Chapel Fold, Hoghton, Brindle, Preston PR5
St Joseph and the associated buildings are of high historical and architectural importance. The church is a good example of an early 19th century Roman Catholic chapel, with later alterations and furnishings of architectural interest. The attached presbytery and cottage are buildings of architectural and historic interest in their own right, retaining a range of contemporary interior features.
A late 17th or early 18th century cottage where Mass is said to have been celebrated survives on the site, attached to the presbytery. The site is associated with St Edmund Arrowsmith who was active in the area and was apprehended in Brindle in 1628. A chapel was built in 1786, and a graveyard seems to have been established at that time. The presbytery appears to be of later 18th century date. The chapel was subsequently rebuilt and extended. A report by the Archdiocesan Liturgy Commission of 1985 attributes the church to Fr Laurence Hadley, but it is unclear which phase of building is referred to and the source is not given.
A thorough building survey might help to elucidate the different phases of construction, however it seems likely that the present building is substantially or wholly of early 19th century date. It was probably built in 1832 incorporating the datestone of a predecessor chapel of 1786. The building was extended probably in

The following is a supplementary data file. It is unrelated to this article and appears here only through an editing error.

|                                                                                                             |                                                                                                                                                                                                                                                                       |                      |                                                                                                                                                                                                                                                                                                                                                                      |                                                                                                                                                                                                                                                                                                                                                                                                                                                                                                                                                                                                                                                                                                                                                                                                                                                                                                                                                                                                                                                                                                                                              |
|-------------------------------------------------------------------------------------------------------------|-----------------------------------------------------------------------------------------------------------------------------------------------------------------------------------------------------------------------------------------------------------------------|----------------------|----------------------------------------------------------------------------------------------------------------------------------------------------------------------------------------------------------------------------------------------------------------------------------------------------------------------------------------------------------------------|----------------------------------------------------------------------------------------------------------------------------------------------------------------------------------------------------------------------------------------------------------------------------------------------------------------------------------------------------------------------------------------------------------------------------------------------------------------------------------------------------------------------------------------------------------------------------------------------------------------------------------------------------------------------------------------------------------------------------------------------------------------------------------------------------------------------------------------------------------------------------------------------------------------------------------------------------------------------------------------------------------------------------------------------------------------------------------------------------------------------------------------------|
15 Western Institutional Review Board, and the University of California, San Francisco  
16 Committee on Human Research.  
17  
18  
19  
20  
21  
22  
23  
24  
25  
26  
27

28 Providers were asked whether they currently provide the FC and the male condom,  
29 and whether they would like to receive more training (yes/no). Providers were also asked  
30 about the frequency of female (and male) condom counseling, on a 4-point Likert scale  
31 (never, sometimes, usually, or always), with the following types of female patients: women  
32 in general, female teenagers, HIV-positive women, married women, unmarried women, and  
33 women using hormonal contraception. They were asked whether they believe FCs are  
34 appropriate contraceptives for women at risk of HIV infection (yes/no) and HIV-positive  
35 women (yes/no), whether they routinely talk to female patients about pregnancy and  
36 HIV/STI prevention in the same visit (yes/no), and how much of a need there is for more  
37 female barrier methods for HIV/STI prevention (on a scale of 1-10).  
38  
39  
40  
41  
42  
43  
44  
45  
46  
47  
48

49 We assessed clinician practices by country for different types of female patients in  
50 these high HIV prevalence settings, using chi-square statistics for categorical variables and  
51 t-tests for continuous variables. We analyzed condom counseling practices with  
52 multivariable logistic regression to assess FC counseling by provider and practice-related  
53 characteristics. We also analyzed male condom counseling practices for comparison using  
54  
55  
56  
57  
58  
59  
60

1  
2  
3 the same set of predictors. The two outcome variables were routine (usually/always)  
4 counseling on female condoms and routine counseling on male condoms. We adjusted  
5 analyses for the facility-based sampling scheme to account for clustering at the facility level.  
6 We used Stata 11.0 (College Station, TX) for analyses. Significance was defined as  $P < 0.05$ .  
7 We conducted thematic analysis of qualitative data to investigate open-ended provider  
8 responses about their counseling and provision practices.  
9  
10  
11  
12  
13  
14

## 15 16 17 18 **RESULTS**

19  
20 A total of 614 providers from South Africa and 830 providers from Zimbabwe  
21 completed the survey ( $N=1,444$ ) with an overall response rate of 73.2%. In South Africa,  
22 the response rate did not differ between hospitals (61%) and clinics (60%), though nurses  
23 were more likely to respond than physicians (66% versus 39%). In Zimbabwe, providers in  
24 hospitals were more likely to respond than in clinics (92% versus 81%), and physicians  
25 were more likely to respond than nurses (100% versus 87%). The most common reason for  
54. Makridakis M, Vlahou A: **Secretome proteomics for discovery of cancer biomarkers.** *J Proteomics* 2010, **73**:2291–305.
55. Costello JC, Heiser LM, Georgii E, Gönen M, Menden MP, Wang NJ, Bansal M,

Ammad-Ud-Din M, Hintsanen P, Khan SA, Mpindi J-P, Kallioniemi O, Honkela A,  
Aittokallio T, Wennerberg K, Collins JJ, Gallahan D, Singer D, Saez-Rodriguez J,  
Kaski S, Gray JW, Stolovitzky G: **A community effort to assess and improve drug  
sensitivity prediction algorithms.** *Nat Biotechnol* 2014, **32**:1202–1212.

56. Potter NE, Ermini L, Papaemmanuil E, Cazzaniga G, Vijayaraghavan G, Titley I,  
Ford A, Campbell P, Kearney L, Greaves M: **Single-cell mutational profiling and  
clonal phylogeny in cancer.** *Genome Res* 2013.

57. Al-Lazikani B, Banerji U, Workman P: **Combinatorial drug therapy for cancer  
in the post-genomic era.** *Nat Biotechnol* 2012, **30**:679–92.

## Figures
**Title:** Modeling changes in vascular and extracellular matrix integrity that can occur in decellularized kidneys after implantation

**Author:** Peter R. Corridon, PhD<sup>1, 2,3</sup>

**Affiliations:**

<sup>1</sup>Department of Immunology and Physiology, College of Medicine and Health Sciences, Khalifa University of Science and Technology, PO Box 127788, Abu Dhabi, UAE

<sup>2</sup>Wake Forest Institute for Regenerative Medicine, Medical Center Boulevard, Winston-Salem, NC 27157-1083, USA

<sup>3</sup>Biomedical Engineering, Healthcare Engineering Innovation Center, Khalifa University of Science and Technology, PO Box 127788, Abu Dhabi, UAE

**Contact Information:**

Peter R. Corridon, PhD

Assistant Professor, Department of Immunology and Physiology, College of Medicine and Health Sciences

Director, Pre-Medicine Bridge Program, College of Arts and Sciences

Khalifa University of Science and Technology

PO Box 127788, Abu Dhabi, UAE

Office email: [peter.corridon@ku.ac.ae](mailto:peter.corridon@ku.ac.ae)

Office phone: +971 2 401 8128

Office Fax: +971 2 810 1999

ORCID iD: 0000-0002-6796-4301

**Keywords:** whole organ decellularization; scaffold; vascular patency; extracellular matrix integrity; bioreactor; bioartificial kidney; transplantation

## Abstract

1888 and again in 1896. The latter work is attributed to the Preston architect Charles
Walker. The interior has a west gallery on clustered cast-iron columns. The east end with tall attached columns is as described in the listed building description. A highly ornate Jacobean screen to the Lady Chapel of circa 1905 is said to have been designed by Father Cuthbert Almond. The chapel has a reredos in similar style. Bench seating with unusual cast iron supports is probably of late 19th or early 20th century date. High quality late 19th century pulpit (mutilated) with painted sides, and ornate font probably of the same date are said, together with some of the statuary, to have been obtained from Beyaert of Bruges, who are also said to have executed the elaborate alabaster altar and reredos to designs by Father Almond. The forward altar has been made from a 17th century item of furniture, possibly a sideboard. It incorporates fine carved figures and marquetry. Stained glass is of good but not outstanding quality and appears to be a complete scheme of early 20th century date.
Architect: Fr Laurence Hadley (attributed); Charles Walker (Lady Chapel extension, 1896)
Original Date: 1786
Conservation Area: Yes
Listed Grade: II